The Feminist Friday discussion post is up at Part Time Monster, and #yesallwomen is the topic for today. The discussion thread was closed the first hour the post was up, but we’ve fixed it. Comments are open.


No Follow Friday on the blog for me today. None on Twitter, either.  I’m giving the day to #yesallwomen. I’m spending most of my time on Part Time Monster’s thread today, and retweeting from that hashtag. Follow Fridays will return next week.

I’ll still retweet Follow Fridays for my friends, if I see them. I’ll thank people for including me in Follow Fridays and favorite those tweets so I can look at them tomorrow and follow folks I don’t know. Just not sending Follow Fridays of my own today.

If you have a moment, you’re welcome to contribute to our discussion at the Monster, and join me in retweeting #yesallwomen tweets today.

Living In America: Living With RapeCulture

This is too good, and too important, not to reblog. It’s an important contribution to our conversation for two reasons: It’s very specific about the consequences of rape and rape culture in the U.S., and it addresses an issue that we deal with regularly – the idea that, for whatever reason, we just shouldn’t talk about it. I’m a little behind because I had something personal going on that kept me offline all day yesterday. At the moment, my plan is to get caught up with comments later this afternoon, and spend some time tomorrow catching up with those of you who tweet with me. Thanks for keeping this going in my absence.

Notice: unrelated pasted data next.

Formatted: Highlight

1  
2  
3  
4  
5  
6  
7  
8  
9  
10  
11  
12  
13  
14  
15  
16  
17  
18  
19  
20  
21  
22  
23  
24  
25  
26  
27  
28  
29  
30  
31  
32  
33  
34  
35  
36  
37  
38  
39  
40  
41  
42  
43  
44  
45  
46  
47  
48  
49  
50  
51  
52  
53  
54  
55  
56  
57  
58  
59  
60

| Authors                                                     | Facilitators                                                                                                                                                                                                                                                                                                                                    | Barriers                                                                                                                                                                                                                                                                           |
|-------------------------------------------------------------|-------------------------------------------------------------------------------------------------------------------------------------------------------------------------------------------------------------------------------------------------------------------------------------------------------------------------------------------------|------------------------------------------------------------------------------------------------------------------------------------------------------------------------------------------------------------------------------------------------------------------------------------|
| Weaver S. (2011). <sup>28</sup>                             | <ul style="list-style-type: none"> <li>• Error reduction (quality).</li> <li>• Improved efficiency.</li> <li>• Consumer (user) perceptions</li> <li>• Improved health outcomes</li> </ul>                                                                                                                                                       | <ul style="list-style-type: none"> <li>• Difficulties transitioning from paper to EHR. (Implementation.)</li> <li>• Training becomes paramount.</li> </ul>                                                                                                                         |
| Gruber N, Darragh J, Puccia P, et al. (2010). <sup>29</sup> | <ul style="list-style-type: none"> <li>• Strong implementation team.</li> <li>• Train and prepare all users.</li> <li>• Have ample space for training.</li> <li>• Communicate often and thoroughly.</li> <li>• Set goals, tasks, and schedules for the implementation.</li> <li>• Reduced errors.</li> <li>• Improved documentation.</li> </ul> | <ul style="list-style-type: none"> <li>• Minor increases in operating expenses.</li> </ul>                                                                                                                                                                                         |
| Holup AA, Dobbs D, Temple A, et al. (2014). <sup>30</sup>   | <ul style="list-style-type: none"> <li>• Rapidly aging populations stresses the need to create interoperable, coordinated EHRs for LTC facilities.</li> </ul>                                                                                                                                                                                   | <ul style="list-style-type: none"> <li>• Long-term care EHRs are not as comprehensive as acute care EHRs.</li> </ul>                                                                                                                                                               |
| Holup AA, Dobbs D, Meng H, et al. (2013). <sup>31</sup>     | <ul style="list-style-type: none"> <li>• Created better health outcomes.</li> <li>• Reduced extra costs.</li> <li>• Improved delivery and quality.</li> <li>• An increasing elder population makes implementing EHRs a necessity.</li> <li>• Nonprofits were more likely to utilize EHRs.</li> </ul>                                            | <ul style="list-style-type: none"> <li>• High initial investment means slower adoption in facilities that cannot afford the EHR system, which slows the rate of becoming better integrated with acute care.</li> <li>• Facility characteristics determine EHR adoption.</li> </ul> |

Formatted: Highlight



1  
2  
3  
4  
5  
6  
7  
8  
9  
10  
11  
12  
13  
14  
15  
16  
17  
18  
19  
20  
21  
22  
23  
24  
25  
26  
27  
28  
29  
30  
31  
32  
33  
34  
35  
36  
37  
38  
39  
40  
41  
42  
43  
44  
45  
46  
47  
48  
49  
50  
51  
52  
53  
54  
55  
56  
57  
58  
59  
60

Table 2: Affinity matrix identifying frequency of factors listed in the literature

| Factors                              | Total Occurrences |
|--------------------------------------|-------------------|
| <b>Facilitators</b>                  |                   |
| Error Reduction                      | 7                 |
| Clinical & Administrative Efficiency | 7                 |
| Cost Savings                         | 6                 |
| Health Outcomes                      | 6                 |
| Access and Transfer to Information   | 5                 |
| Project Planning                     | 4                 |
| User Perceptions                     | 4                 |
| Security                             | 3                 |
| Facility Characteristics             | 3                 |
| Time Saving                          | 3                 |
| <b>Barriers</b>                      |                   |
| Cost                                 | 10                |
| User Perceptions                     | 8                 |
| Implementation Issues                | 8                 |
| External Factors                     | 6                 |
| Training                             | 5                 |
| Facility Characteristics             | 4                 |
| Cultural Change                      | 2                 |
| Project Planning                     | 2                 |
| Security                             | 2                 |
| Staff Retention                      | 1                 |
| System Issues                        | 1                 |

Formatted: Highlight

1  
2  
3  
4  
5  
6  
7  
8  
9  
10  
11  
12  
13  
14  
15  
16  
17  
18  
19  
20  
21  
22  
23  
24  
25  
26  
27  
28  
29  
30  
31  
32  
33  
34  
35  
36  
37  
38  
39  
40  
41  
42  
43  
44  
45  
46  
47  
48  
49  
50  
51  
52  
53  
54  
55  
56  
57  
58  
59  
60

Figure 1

Drifting Through

“Me and a gun
and a man
On my back
But I haven’t seen Barbados
So I must get out of this
Yes I wore a slinky red thing
Does that mean I should spread
For you, your friends your father, Mr. Ed”

-Tori Amos, Me and A Gun

My daughter used to play a game when she was a baby. She would crawl over to our magazine rack and tear up the pages. When I would say something to stop her, she would cover her eyes. She thought, in her adorable baby brain, that if she covered her eyes we couldn’t see it therefore nothing was happening. We laughed each time she did this. We marveled at the simple naiveté of a small child. We thought it was precious. But you know what’s not precious? When adults do it. When we do it. When society does it. When we…

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